MARS-mission III


created 23/08/05; last update 08/09/05

Luxembourg Science Festival is approaching, and we will participate again with our Mars-mission tele-robotics project. Some ideas have been launched so far:

New Mars rover realized by Paul-Nicolas Baumann. Some details :

The under-actuated robot-grabber is similar to the one of LEGO truck 8479.

Two RCX must communicate with each other. Since we are using the CMUCam2 and the IR/RF transceiver (from Mars Mission B), the IR-channel may not be used. (The CMUCam2-interface allows IR-serial communication only, if the the camera is powered down.) How to maintain a bi-directional communication between the two RCXs?

Trick: If we connect an RCX output port to an input port that is configured as Boolean switch, and we toggle between the RCX output states "BRAKE" and "FLOAT", we generate the values "0"-float and "1"-brake. The reason is that "brake" mode short-circuits both RCX-output pins with the result of nearly 0Ohm resistance while "float" mode produces a quasi infinite resistance.

With complete system stability, we can securely do 50 baud. Not terrific, but suitable ! Note that the sending Ultimate ROBOLAB program first sends 8 synchronization pulses, then a start bit, followed by the 8 data bits and a final stop bit. Also note that "send_HIGH" and "send_LOW" use a faster output-port access that immediately sets the output port without waiting for the system to do this at the system response time. (Could also simply use a "set motor brake" or "set motor float" function, but more reliability with the fast one.)

Here a test program that counts from 1 to 255, sends the counter-value to the other RCX, displays it and waits for an acknowledgement from the colleague :

The receiving task is constantly waiting for a synchronizing pattern, from which the timing can be deduced. The program waits 1.5 times the period to hit the middle of a bit-sending, where it is supposed to be correctly read. Then at a 1T rate the following 8 bits are read.

The second RCX uses the following program to receive the data and acknowledge a receiving:

This serial communication is only reliable at low speed, because of the complete RCX system running, and no hardware timer being directly engaged to assure hard-timing. But the major issue is the fact that the best reading moment is fixed at each bit by waiting a fixed time with no clock-reference coming from the sender. A better solution will be a future use of the Manchester encoding, where the bit representation changes to transitions rather than states. With the Manchester encoding, each bit can be read at the best moment, since a transition always occurs at the middle of the interval. Note however that for the purpose of this Mars-rover the actual serial communication is sufficient at the given 50baud speed.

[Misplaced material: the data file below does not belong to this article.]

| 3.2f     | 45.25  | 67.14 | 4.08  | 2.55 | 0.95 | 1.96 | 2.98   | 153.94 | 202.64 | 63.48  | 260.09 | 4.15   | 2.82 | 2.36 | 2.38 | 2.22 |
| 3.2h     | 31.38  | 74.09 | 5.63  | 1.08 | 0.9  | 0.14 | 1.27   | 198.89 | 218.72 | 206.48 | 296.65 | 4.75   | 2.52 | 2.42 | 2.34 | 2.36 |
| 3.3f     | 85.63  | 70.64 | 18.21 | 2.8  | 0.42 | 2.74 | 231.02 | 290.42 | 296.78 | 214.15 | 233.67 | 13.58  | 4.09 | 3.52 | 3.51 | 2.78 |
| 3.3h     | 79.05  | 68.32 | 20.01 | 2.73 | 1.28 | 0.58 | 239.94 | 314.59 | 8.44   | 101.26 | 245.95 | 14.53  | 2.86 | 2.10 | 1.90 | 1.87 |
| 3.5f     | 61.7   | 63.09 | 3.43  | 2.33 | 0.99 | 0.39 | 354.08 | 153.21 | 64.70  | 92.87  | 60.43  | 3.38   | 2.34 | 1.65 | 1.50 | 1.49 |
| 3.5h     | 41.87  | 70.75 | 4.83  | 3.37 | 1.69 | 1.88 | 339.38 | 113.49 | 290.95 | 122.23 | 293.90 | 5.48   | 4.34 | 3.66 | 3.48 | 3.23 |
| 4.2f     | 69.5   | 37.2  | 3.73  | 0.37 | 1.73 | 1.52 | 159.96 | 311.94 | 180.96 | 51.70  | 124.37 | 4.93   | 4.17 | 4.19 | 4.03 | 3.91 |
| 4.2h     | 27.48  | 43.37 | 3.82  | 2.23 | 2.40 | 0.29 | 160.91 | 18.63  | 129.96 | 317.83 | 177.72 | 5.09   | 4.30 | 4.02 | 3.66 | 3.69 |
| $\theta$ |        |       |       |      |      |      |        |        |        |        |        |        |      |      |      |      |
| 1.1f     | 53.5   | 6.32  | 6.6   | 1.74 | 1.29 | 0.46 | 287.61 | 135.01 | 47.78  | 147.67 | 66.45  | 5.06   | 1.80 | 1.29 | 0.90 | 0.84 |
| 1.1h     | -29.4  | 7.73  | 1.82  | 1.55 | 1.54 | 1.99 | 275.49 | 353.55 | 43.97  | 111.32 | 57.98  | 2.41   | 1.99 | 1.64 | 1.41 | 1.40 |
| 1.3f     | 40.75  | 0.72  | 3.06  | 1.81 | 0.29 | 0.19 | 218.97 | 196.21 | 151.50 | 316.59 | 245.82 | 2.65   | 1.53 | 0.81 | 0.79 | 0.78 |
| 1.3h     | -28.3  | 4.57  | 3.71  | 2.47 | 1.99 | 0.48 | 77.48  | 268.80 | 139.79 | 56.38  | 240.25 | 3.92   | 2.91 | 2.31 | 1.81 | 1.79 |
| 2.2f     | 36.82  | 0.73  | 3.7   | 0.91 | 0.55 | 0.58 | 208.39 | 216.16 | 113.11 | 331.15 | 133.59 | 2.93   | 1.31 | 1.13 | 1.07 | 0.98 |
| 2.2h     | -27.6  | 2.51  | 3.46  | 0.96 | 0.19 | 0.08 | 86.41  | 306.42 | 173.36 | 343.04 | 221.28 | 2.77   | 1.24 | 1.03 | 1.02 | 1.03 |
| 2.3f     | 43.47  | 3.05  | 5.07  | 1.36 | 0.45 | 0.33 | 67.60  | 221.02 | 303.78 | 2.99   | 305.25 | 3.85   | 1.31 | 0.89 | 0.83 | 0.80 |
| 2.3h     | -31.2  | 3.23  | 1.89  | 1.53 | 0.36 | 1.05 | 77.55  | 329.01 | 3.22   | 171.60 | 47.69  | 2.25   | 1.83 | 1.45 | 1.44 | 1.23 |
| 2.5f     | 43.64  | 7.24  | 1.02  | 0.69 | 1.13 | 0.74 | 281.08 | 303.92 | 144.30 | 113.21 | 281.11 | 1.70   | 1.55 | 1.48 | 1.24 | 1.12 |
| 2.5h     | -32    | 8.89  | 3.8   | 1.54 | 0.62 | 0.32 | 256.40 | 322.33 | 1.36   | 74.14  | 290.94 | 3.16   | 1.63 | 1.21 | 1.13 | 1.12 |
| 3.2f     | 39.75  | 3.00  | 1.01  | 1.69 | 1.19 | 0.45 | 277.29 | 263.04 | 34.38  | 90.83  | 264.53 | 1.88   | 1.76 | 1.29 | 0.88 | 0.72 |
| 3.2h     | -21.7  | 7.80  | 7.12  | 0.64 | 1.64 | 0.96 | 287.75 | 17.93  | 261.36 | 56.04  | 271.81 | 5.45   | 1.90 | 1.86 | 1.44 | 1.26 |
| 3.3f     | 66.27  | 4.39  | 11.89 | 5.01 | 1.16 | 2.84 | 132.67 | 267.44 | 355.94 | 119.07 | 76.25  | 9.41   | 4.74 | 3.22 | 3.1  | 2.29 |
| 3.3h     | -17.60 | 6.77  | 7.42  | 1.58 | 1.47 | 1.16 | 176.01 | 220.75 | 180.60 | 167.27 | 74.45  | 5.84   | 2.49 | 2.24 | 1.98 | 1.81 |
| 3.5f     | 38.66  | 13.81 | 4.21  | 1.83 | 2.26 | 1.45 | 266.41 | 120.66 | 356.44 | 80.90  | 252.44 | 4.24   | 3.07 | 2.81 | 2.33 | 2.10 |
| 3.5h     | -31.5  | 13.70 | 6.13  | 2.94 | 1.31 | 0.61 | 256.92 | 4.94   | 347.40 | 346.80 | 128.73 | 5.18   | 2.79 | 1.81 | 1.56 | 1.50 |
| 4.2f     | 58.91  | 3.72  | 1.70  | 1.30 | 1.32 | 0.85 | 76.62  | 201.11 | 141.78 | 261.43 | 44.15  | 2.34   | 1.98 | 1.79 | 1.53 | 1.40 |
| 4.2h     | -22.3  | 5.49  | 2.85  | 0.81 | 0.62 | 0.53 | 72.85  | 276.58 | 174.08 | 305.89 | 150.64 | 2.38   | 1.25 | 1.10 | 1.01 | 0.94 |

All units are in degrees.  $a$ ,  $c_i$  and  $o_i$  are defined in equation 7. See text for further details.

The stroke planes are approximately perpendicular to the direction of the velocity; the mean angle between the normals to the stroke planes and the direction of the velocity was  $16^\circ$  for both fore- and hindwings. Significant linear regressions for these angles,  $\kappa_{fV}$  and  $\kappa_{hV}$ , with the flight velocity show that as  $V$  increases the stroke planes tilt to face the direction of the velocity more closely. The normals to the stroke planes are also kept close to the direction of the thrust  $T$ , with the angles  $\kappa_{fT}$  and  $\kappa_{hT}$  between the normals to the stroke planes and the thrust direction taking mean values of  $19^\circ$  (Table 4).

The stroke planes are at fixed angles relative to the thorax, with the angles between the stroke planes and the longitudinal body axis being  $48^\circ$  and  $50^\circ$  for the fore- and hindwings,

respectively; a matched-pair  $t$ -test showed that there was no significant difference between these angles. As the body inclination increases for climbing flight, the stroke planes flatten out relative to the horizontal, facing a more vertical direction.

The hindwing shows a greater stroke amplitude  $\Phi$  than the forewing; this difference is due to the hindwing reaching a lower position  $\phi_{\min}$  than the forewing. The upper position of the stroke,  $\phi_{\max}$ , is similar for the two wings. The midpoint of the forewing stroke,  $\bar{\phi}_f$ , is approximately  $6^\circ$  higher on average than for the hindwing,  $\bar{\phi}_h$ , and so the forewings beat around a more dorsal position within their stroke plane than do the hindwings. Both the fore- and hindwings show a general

Here the connection that is needed to assure the communication.


Problems with the new asynchronous serial communication:

The solution is a synchronous bi-directional clock pulsed communication, where timing imprecision does not affect the transmission. One RCX represents the MASTER, the other one is called the SLAVE. The MASTER initializes a transmission by sending a request pulse, which must be acknowledged by the SLAVE. Then the MASTER provides a clock pulse. At the falling edge the SLAVE sends the data-bits. Just before the next rising edge the MASTER reads the data. This seems to be a very robust system, where small timing differences don't disturb, since the data is sent and read at the MASTER's commands. Under multi-tasking conditions with many tasks running in parallel, there was no problem to obtain 50 baud. The following tests have been made with 25 baud, which is largely sufficient for the purpose.

NOTE that time-out management still is missing. With the test programs, if a wire is cut, the system could hang up. The next version will include time-outs, so there won't be any trouble at all. Also note that both RCXs can initiate a communication and become the MASTER. A SLAVE-wait-for-request "service" must constantly be running in the background. But, once a request sent or received, a semaphore must protect the functions, in order to prevent an RCX to become "MASTER" and "SLAVE" at the same time.


There was one unsatisfying characteristic of the described synchronous communication that causes problems in the applications of the system : the "MASTER" must initialize the transmission ! A better solution would be to have the "SLAVE", which is the sending device, initialize the transmission, because it knows the best, when its data are ready for being sent. Thus, we alter the communication system as follows:

New timing schedule:


Uni-directional test programs:

Bi-directional test-programs:

The uni-directional versions only provide the respective master or slave subroutine or task ! The bi-directional must provide them both.